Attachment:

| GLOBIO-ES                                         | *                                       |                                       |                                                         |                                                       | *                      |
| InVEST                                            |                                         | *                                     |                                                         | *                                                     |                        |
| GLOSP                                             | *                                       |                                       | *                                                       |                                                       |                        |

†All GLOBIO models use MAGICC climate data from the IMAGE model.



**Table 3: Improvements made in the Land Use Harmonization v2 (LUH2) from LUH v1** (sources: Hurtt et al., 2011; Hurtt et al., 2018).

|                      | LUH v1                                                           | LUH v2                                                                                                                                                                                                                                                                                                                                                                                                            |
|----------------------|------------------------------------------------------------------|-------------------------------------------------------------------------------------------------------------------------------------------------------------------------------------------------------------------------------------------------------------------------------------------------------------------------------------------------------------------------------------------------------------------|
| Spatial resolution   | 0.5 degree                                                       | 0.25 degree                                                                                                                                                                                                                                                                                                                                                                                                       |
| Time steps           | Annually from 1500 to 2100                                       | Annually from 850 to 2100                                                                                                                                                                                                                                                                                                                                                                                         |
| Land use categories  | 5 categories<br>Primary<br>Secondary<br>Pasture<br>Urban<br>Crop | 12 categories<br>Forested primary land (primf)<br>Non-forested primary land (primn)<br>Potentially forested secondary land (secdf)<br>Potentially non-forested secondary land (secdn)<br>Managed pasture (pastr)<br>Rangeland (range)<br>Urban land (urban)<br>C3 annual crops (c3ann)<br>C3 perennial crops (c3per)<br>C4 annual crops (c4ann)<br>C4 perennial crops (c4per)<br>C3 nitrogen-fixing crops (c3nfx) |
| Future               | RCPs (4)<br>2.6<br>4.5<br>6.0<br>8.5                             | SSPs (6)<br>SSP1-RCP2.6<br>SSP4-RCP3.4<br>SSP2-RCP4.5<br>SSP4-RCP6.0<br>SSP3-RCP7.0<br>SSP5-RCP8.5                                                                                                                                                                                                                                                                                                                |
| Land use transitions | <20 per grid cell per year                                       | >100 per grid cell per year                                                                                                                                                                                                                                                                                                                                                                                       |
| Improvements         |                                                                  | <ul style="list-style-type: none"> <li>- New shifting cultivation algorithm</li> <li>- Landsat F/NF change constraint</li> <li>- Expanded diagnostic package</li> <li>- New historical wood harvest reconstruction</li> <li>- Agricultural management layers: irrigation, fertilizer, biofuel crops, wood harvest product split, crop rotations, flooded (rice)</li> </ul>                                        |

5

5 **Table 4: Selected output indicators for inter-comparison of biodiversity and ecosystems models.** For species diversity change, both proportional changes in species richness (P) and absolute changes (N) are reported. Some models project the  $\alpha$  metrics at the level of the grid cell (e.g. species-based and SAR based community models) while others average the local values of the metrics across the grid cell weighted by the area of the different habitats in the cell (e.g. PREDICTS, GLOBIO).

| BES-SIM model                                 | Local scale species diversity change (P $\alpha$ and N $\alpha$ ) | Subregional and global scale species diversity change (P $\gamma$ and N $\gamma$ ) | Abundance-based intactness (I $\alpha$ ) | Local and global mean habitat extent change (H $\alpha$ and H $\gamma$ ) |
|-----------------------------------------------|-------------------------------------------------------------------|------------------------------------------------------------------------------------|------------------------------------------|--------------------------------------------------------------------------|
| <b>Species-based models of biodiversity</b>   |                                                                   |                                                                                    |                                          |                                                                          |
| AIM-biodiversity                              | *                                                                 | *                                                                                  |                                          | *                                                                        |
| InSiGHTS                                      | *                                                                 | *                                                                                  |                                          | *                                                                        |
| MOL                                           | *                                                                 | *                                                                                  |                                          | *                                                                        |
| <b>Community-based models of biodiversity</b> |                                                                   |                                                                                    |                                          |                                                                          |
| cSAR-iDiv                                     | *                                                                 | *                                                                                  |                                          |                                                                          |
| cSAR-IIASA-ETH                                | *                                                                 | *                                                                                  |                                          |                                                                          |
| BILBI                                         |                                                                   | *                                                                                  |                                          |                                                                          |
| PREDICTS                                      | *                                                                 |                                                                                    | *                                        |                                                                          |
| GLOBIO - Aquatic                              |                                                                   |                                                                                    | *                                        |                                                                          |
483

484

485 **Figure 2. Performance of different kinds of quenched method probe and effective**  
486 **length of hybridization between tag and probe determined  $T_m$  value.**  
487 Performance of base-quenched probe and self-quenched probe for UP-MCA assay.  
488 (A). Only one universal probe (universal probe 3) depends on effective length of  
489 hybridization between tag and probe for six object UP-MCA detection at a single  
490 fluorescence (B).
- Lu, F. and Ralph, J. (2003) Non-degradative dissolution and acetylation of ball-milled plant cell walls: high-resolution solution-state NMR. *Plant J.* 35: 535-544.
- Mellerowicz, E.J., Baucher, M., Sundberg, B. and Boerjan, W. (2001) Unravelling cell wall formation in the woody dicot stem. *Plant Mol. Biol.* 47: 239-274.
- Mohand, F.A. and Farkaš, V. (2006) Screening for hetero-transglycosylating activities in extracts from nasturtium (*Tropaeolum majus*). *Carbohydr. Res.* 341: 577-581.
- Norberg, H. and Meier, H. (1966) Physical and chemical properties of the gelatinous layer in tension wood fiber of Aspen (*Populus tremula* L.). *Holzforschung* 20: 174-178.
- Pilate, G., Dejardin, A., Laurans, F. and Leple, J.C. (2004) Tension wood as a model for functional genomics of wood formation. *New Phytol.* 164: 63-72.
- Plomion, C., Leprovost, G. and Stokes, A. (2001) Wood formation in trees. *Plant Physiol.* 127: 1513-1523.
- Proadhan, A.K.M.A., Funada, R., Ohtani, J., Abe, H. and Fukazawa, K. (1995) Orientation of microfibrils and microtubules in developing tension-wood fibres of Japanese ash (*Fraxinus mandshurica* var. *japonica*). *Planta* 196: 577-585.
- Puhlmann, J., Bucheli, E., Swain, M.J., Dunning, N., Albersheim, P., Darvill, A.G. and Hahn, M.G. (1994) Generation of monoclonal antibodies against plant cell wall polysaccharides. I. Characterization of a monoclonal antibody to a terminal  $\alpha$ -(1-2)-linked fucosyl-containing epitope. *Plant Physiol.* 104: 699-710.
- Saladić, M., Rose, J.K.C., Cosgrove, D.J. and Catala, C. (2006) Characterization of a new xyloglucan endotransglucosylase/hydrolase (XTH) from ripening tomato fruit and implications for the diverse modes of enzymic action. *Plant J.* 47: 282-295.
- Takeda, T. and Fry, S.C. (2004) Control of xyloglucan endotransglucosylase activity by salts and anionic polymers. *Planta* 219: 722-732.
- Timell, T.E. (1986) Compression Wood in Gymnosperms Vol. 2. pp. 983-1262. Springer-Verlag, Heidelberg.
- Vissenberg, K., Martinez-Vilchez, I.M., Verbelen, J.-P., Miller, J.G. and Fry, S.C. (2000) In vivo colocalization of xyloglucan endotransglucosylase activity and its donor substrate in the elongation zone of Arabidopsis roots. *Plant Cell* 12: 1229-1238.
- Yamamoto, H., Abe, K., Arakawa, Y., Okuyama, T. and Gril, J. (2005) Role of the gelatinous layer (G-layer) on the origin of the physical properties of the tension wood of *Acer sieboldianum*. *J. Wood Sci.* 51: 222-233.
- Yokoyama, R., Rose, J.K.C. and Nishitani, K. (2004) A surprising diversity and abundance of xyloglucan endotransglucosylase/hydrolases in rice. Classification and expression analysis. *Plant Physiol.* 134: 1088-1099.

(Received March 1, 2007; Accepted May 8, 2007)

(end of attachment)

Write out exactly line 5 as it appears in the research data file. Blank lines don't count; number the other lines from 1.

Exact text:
**Table 3: Improvements made in the Land Use Harmonization v2 (LUH2) from LUH v1** (sources: Hurtt et al., 2011; Hurtt et al., 2018).